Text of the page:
The Rain Falls - Gloria Mwaniga

The Rain falls – Gloria Mwaniga

The rain falls. And the woman in a blue frock with white dots is forced to hurry her feet and take shelter at the Mulina General Store on Mumias road. She hadn’t plan to stop here. If it was up to her she would never stop here but then, what is she to do when the drizzle has begun? So, she swallows the sweet potato of shame in her throat and stands outside the shop front. But she doesn’t look inside because you see, they don’t talk, she and the woman who owns the shop. They don’t talk because she said that Wilhelmina is a common idol worshipping catholic. And someone carried the stinging words to Wilhelmina and the quarrel that ensued, wah, just leave words.
The rain falls and the wind blows so that the bougainvillea blossoms tremble and their pink and white coats fall to the ground soundlessly, footfalls on thick grass. And the sky is the colour of bad weather. And the burrowing animals run for shelter, cribbed and cabined by the rain.
The rain falls and the woman in a white and blue frock sits her huge buttocks on a low wooden bench. She is hugging her bag tightly. And both women stare at the way the rain floods the kegondi grass in front of the shop. One is watching from behind a veil of wire mesh, from inside the shop window. The other is watching with her naked eyes, sitting on the veranda that is roofed by planks of wood and feeling her ngoma rubber shoes soaking in the water that splashes on the ground.
A gush of wind sprays rain droplets into their eyes and both women flutter their eyelids. But it is the woman in a blue and white dress who says ‘Arrggh.’, who wipes her eyes with the back of her left hand. The rain falls even though it is Sunday evening and the lady in the blue and white frock written at the breast Ejinja Friends Mothers Union is just coming back from a fellowship meeting where she was elected the new Mama Assembly. The wind blows the scented olive oil used to anoint her forehead and she mutters,’ ‘‘now how will I prove to those pagan children of mine that I was anointed?’’ And the woman in a yellow khanga sucks in her teeth from behind the duka counter because honestly, she doesn’t care. She sucks in her teeth because she remembers what the lady in the blue frock said to the other members of the mothers’ union, that she is a common idol worshipping catholic.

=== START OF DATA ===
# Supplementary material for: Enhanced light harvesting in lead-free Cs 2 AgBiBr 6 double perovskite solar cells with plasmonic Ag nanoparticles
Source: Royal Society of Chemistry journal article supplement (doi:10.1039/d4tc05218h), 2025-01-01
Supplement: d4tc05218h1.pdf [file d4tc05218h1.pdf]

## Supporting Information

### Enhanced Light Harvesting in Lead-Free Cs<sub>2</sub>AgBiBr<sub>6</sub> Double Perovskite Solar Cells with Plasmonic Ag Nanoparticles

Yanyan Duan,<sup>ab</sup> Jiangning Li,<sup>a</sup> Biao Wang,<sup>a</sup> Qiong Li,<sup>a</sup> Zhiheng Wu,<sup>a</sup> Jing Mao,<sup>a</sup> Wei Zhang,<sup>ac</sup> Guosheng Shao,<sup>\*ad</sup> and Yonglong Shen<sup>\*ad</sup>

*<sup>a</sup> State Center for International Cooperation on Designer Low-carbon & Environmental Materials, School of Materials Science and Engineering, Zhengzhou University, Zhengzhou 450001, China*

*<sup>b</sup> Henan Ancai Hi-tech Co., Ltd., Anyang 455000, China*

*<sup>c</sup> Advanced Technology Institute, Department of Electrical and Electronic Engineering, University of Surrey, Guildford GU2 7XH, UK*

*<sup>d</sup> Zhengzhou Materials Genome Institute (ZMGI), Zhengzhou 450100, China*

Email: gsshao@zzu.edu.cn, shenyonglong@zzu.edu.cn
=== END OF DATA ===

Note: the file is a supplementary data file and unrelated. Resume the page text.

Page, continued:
She walks the length of the shop to the wooden door then reaches out her child’s thigh sized arm and flicks the white plastic switch so that the duka is filled with the fluorescent light from a 100 watts Philips bulb. Hand on the plastic switch, she stands there a moment, wondering whether to bolt the door and keep the cold and that woman outside. Yet she doesn’t have to wonder long, for the wind bangs it closed, relieves her of the unpleasant duty of shutting out another human. ‘Oh, this storm,’’ she cries a little too loudly for the benefit of the one outside.
The storm rages. Both women watch the tea coloured rivulets collecting into the trenches and forming a brown river of tea that prickles the throat of the one outside but she can do nothing about it. It too prickles the throat of the one who can do something about it and she calls out ‘‘Kadogo,’’ to a little girl of eleven who skips into the room and is promptly handed a packet of long-lasting Tuzo milk from the shelf and discharged to go make ‘short tea.’